*Savor* – my word for 2012

Each year for the last two years I have invited readers to share a word that has chosen them for the year ahead.  Give Me a Word for 2012 will be posted on Wedneday, December 21st and I have lots of wonderful goodies in store for you including a free gift for everyone who participates and a drawing for several wonderful prizes on January 6th.  So make sure to come back to the Abbey blog to read more and share your own word with us then.  If you want a reminder, make sure to subscribe to the Abbey email newsletter.

My own word for the coming year is *savor* – it shimmered in my imagination the other day as I walked downtown holding hands with my beloved.

I have been reading In the Company of Rilke by Stephanie Dowrick.  The German poet Rilke has been a teacher of mine for many years but this last year his wisdom has become even more necessary for my life.  Each morning as a part of my daily prayer and journaling time I read a poem of his in German and do my best to translate with my rusty language skills.  Then I read the translation offered and see what nuances I might have missed.

Then I let a kind of lectio divina practice unfold in my prayer where I listen for a word or phrase that shimmers and then sit with what it has to reveal to me.  Sometimes the meaning emerges quickly in the silence, often it ripens over many days.  As I read in Dowrick’s book the other morning, she was exploring how a central motivation of Rilke’s poetry is to explore what it means to live this human life we are given, to discover the inner nature of my particular experience.  She wrote: “This familiar life and body will not come again.”  And I paused there.

It seems fairly obvious in writing it here now, this life and body with which I have grown so fond and familiar are not permanent.  I had an encounter with the stark reality of my own mortality a year ago and that experience has thrust me into a far more intense appreciation for everything in my life.

And yet this phrase caught me, saying “savor this life and this body.”  A question began to sparkle: What if the meaning of my life is to experience my particular life, my lens on the world, my encounters with grief and loss, delight and joy, but all as my unique story never to be repeated again? What might I discover by remembering this daily? How might my relationship to my own experience and to this wondrous vessel that carries me through it all be transformed if I not just offer gratitude for my life, but savor it with relish, knowing that this moment will never again happen.  And to trust that this moment carries profound wisdom I need to transform my service to the world.

So the sweetness of my days last winter as I walked hand in hand with my beloved through parks with bare trees, so grateful to be together and be alive, are rushing upon me again.  We walked together down our familiar Seattle streets the other day and again I found myself deeply in love with this man, in this moment, and I savored the feel of his rough skin against mine.  I savored his gaze over at me, so full of love and familiarity. I savored the way his breath made a faint cloud with each exhale on this chilly evening.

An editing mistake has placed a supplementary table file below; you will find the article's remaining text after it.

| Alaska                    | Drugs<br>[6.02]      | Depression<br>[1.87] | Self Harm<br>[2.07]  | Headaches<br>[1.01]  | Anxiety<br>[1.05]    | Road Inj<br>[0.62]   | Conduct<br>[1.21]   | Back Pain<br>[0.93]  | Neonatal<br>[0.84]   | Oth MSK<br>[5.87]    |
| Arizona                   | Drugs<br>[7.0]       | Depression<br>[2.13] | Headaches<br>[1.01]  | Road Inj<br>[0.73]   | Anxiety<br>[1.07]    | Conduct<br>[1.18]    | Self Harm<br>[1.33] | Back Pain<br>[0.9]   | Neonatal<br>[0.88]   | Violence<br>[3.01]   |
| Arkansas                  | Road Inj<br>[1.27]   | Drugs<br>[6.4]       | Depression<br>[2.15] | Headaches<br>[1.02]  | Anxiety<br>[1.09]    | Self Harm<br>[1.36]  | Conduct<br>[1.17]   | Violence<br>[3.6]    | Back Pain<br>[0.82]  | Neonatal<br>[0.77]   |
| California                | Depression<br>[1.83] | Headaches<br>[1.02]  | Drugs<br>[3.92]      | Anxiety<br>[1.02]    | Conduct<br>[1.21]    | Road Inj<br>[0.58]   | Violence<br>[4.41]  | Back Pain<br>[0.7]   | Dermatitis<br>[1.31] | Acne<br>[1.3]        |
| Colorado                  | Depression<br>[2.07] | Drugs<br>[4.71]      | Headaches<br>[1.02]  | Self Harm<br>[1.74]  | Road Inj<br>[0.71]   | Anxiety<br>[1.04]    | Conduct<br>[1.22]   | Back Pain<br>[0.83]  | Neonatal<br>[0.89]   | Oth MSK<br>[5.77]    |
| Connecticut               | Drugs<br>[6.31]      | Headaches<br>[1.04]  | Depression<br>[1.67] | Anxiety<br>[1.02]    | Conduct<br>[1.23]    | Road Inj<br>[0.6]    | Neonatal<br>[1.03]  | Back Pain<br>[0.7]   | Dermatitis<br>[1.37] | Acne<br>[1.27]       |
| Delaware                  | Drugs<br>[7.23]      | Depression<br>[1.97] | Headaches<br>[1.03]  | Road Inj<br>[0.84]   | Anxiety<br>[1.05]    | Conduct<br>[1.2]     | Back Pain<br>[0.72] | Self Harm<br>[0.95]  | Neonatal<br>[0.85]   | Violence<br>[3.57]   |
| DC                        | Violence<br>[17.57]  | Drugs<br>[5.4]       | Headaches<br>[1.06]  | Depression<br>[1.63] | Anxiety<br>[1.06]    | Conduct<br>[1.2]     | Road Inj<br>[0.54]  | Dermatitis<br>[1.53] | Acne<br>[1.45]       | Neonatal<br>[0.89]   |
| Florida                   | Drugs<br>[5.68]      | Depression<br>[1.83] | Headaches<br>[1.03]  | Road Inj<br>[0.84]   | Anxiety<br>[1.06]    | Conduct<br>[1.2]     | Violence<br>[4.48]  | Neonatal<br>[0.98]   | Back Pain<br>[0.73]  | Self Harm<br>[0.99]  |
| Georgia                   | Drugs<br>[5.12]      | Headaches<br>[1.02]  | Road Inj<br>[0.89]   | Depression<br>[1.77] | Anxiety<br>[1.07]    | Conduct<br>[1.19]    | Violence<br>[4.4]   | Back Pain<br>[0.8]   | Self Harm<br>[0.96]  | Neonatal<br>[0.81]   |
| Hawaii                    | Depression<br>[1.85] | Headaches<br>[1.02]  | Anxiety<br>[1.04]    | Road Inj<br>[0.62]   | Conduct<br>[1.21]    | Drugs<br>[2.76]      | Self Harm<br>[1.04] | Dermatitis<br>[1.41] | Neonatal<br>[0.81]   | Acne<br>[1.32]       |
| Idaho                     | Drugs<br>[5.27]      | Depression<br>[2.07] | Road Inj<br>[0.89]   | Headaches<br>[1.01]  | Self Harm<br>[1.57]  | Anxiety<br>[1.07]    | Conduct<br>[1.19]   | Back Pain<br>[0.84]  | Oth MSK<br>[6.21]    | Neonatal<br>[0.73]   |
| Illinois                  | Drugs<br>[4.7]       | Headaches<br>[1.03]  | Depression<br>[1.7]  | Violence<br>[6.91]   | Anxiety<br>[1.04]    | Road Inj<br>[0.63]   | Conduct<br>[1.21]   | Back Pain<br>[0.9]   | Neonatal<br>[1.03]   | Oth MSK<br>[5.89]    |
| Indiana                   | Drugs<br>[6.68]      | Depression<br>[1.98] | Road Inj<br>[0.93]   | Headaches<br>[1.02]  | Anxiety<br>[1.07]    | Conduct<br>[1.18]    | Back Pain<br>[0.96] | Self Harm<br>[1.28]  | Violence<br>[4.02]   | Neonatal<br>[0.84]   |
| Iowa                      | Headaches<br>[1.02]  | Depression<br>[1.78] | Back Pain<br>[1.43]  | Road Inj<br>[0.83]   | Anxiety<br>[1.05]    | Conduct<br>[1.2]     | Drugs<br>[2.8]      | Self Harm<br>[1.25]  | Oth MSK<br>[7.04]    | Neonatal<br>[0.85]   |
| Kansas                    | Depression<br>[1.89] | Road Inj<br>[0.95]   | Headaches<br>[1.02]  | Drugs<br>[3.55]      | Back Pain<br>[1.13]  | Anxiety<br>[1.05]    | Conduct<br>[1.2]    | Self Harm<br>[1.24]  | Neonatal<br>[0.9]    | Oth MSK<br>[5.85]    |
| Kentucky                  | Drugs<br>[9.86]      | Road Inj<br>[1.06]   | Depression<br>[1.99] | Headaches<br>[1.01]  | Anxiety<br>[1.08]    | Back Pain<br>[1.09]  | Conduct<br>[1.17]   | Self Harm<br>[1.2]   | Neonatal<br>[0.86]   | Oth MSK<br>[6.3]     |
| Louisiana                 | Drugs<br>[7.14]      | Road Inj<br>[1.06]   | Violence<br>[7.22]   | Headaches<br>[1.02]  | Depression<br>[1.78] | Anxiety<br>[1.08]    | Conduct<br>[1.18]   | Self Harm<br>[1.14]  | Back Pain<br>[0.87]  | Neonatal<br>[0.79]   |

Out of this experience with death last year has come a sense of urgency for me in my life.  The things I have wanted to do someday, like live overseas, have suddenly become much more important to pay attention to now.

What happens when we delay our dreams, when we push aside the subtle whispers that rise up when we are quiet for a while?  How do they lose their vigor and insistency through a haze of indifference, or holding them off?

Our days are truly jewels, each one a treasure, another opportunity to savor the story emerging in my life.  Even the difficult threads, maybe especially the difficult ones.

The root of the word savor comes from the Latin word saporem which means to taste and is also the root of sapient which is the word for wisdom.  Another definition I loved is “to give oneself over to the enjoyment of something.”  When I give myself over to the experience of savoring, wisdom emerges.  Savoring calls for a kind of surrender.

Savoring calls me to slowness – I can’t savor quickly, and to spaciousness – I can’t savor everything at once, and to mindfulness – I can’t savor without being fully present.

It also calls for a fierce and wise discernment about how I spend my time and energy.  Now that I know deep in my bones the limits of my life breaths, how do I choose to spend those dazzling hours?  What are the experiences ripening within me that long for exploration?

There is also a seasonal quality to savoring – this season, what is right before me, right now, is to be savored.  It will rise and fall, come into fullness and then slip away.  When I savor I pay attention to all the moments of that experience without trying to change it.

And finally, there is a tremendous sweetness to this open-hearted way of being in the world.  Everything becomes grace because I recognize it could all be different, it could all be gone.  Rather than grasp at how I think this moment should be, I savor the way things are.

What is your word for 2012?  Come back on December 21st and share it with the Abbey community, get a free gift just for participating, and enter to win one of several prizes.  The post will be open until January 6th so there will be plenty of time for pondering.

But most of all, pause and savor.  Surrender to the wisdom of this moment.  See what you discover waiting for you right here, right now.

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